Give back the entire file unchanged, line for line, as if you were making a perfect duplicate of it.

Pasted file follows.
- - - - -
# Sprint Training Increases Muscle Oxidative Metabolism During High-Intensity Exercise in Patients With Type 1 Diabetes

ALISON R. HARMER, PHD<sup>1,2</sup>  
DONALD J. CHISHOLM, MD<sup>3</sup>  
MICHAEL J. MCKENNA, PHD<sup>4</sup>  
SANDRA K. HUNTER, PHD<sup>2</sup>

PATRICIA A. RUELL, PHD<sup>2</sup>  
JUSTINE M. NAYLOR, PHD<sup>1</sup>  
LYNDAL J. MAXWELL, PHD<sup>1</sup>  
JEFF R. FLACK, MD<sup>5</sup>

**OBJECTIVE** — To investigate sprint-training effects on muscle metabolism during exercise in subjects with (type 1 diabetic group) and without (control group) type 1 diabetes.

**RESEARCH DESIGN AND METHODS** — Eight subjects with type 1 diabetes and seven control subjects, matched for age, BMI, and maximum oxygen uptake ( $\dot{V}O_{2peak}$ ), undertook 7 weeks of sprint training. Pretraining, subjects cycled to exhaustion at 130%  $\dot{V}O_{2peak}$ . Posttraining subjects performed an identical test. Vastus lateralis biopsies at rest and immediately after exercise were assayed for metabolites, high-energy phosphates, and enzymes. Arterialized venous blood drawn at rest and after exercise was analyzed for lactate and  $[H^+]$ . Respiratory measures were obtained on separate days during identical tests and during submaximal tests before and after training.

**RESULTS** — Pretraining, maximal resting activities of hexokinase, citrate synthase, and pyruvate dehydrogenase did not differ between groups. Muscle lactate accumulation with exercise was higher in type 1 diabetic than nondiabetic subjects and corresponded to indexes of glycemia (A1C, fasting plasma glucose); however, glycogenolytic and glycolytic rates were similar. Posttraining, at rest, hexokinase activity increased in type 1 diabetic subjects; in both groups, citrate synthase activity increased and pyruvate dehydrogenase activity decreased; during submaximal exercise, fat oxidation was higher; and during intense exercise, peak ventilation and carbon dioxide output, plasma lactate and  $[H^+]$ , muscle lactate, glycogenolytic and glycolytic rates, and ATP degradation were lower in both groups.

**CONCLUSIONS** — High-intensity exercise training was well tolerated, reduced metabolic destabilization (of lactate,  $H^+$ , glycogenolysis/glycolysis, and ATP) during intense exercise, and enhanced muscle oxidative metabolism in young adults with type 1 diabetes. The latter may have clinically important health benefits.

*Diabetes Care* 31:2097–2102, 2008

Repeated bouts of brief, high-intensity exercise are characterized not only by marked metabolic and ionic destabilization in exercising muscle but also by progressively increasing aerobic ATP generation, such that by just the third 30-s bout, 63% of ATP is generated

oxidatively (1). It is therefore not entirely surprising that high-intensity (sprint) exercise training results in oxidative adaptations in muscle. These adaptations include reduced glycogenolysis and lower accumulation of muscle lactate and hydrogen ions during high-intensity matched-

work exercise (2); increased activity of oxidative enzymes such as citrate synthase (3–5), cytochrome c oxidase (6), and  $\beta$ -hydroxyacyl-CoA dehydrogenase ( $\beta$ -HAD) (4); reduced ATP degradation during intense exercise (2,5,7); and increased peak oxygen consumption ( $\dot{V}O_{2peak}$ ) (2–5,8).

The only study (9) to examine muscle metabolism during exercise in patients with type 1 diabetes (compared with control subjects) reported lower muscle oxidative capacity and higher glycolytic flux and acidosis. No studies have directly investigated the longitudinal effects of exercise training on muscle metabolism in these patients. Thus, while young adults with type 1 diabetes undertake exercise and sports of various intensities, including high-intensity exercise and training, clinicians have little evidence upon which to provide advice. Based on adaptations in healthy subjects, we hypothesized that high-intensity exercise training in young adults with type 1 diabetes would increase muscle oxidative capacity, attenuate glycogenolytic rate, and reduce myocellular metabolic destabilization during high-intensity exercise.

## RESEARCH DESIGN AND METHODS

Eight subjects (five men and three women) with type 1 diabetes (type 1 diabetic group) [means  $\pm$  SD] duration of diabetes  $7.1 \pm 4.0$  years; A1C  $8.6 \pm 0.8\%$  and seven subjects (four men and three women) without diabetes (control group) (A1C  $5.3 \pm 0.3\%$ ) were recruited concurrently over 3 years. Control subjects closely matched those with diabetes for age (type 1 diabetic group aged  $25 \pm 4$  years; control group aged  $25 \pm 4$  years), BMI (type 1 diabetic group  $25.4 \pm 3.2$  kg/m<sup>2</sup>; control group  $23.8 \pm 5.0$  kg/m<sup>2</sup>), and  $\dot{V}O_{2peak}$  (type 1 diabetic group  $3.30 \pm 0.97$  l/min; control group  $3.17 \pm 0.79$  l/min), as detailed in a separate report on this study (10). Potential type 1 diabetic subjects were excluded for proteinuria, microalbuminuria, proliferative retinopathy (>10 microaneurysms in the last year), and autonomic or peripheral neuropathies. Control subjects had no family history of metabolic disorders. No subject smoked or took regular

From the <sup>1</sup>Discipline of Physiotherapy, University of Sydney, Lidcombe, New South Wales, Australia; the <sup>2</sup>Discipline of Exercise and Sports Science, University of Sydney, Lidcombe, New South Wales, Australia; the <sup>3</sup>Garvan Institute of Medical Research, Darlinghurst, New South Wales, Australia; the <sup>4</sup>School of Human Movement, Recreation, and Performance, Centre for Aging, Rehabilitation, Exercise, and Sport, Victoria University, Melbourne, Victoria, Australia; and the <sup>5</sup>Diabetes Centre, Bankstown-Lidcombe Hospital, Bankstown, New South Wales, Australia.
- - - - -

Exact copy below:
# Sprint Training Increases Muscle Oxidative Metabolism During High-Intensity Exercise in Patients With Type 1 Diabetes

ALISON R. HARMER, PHD<sup>1,2</sup>  
DONALD J. CHISHOLM, MD<sup>3</sup>  
MICHAEL J. MCKENNA, PHD<sup>4</sup>  
SANDRA K. HUNTER, PHD<sup>2</sup>

PATRICIA A. RUELL, PHD<sup>2</sup>  
JUSTINE M. NAYLOR, PHD<sup>1</sup>  
LYNDAL J. MAXWELL, PHD<sup>1</sup>  
JEFF R. FLACK, MD<sup>5</sup>

**OBJECTIVE** — To investigate sprint-training effects on muscle metabolism during exercise in subjects with (type 1 diabetic group) and without (control group) type 1 diabetes.

**RESEARCH DESIGN AND METHODS** — Eight subjects with type 1 diabetes and seven control subjects, matched for age, BMI, and maximum oxygen uptake ( $\dot{V}O_{2peak}$ ), undertook 7 weeks of sprint training. Pretraining, subjects cycled to exhaustion at 130%  $\dot{V}O_{2peak}$ . Posttraining subjects performed an identical test. Vastus lateralis biopsies at rest and immediately after exercise were assayed for metabolites, high-energy phosphates, and enzymes. Arterialized venous blood drawn at rest and after exercise was analyzed for lactate and  $[H^+]$ . Respiratory measures were obtained on separate days during identical tests and during submaximal tests before and after training.

**RESULTS** — Pretraining, maximal resting activities of hexokinase, citrate synthase, and pyruvate dehydrogenase did not differ between groups. Muscle lactate accumulation with exercise was higher in type 1 diabetic than nondiabetic subjects and corresponded to indexes of glycemia (A1C, fasting plasma glucose); however, glycogenolytic and glycolytic rates were similar. Posttraining, at rest, hexokinase activity increased in type 1 diabetic subjects; in both groups, citrate synthase activity increased and pyruvate dehydrogenase activity decreased; during submaximal exercise, fat oxidation was higher; and during intense exercise, peak ventilation and carbon dioxide output, plasma lactate and  $[H^+]$ , muscle lactate, glycogenolytic and glycolytic rates, and ATP degradation were lower in both groups.

**CONCLUSIONS** — High-intensity exercise training was well tolerated, reduced metabolic destabilization (of lactate,  $H^+$ , glycogenolysis/glycolysis, and ATP) during intense exercise, and enhanced muscle oxidative metabolism in young adults with type 1 diabetes. The latter may have clinically important health benefits.

*Diabetes Care* 31:2097–2102, 2008

Repeated bouts of brief, high-intensity exercise are characterized not only by marked metabolic and ionic destabilization in exercising muscle but also by progressively increasing aerobic ATP generation, such that by just the third 30-s bout, 63% of ATP is generated

oxidatively (1). It is therefore not entirely surprising that high-intensity (sprint) exercise training results in oxidative adaptations in muscle. These adaptations include reduced glycogenolysis and lower accumulation of muscle lactate and hydrogen ions during high-intensity matched-

work exercise (2); increased activity of oxidative enzymes such as citrate synthase (3–5), cytochrome c oxidase (6), and  $\beta$ -hydroxyacyl-CoA dehydrogenase ( $\beta$ -HAD) (4); reduced ATP degradation during intense exercise (2,5,7); and increased peak oxygen consumption ( $\dot{V}O_{2peak}$ ) (2–5,8).

The only study (9) to examine muscle metabolism during exercise in patients with type 1 diabetes (compared with control subjects) reported lower muscle oxidative capacity and higher glycolytic flux and acidosis. No studies have directly investigated the longitudinal effects of exercise training on muscle metabolism in these patients. Thus, while young adults with type 1 diabetes undertake exercise and sports of various intensities, including high-intensity exercise and training, clinicians have little evidence upon which to provide advice. Based on adaptations in healthy subjects, we hypothesized that high-intensity exercise training in young adults with type 1 diabetes would increase muscle oxidative capacity, attenuate glycogenolytic rate, and reduce myocellular metabolic destabilization during high-intensity exercise.

## RESEARCH DESIGN AND METHODS

Eight subjects (five men and three women) with type 1 diabetes (type 1 diabetic group) [means  $\pm$  SD] duration of diabetes  $7.1 \pm 4.0$  years; A1C  $8.6 \pm 0.8\%$  and seven subjects (four men and three women) without diabetes (control group) (A1C  $5.3 \pm 0.3\%$ ) were recruited concurrently over 3 years. Control subjects closely matched those with diabetes for age (type 1 diabetic group aged  $25 \pm 4$  years; control group aged  $25 \pm 4$  years), BMI (type 1 diabetic group  $25.4 \pm 3.2$  kg/m<sup>2</sup>; control group  $23.8 \pm 5.0$  kg/m<sup>2</sup>), and  $\dot{V}O_{2peak}$  (type 1 diabetic group  $3.30 \pm 0.97$  l/min; control group  $3.17 \pm 0.79$  l/min), as detailed in a separate report on this study (10). Potential type 1 diabetic subjects were excluded for proteinuria, microalbuminuria, proliferative retinopathy (>10 microaneurysms in the last year), and autonomic or peripheral neuropathies. Control subjects had no family history of metabolic disorders. No subject smoked or took regular

From the <sup>1</sup>Discipline of Physiotherapy, University of Sydney, Lidcombe, New South Wales, Australia; the <sup>2</sup>Discipline of Exercise and Sports Science, University of Sydney, Lidcombe, New South Wales, Australia; the <sup>3</sup>Garvan Institute of Medical Research, Darlinghurst, New South Wales, Australia; the <sup>4</sup>School of Human Movement, Recreation, and Performance, Centre for Aging, Rehabilitation, Exercise, and Sport, Victoria University, Melbourne, Victoria, Australia; and the <sup>5</sup>Diabetes Centre, Bankstown-Lidcombe Hospital, Bankstown, New South Wales, Australia.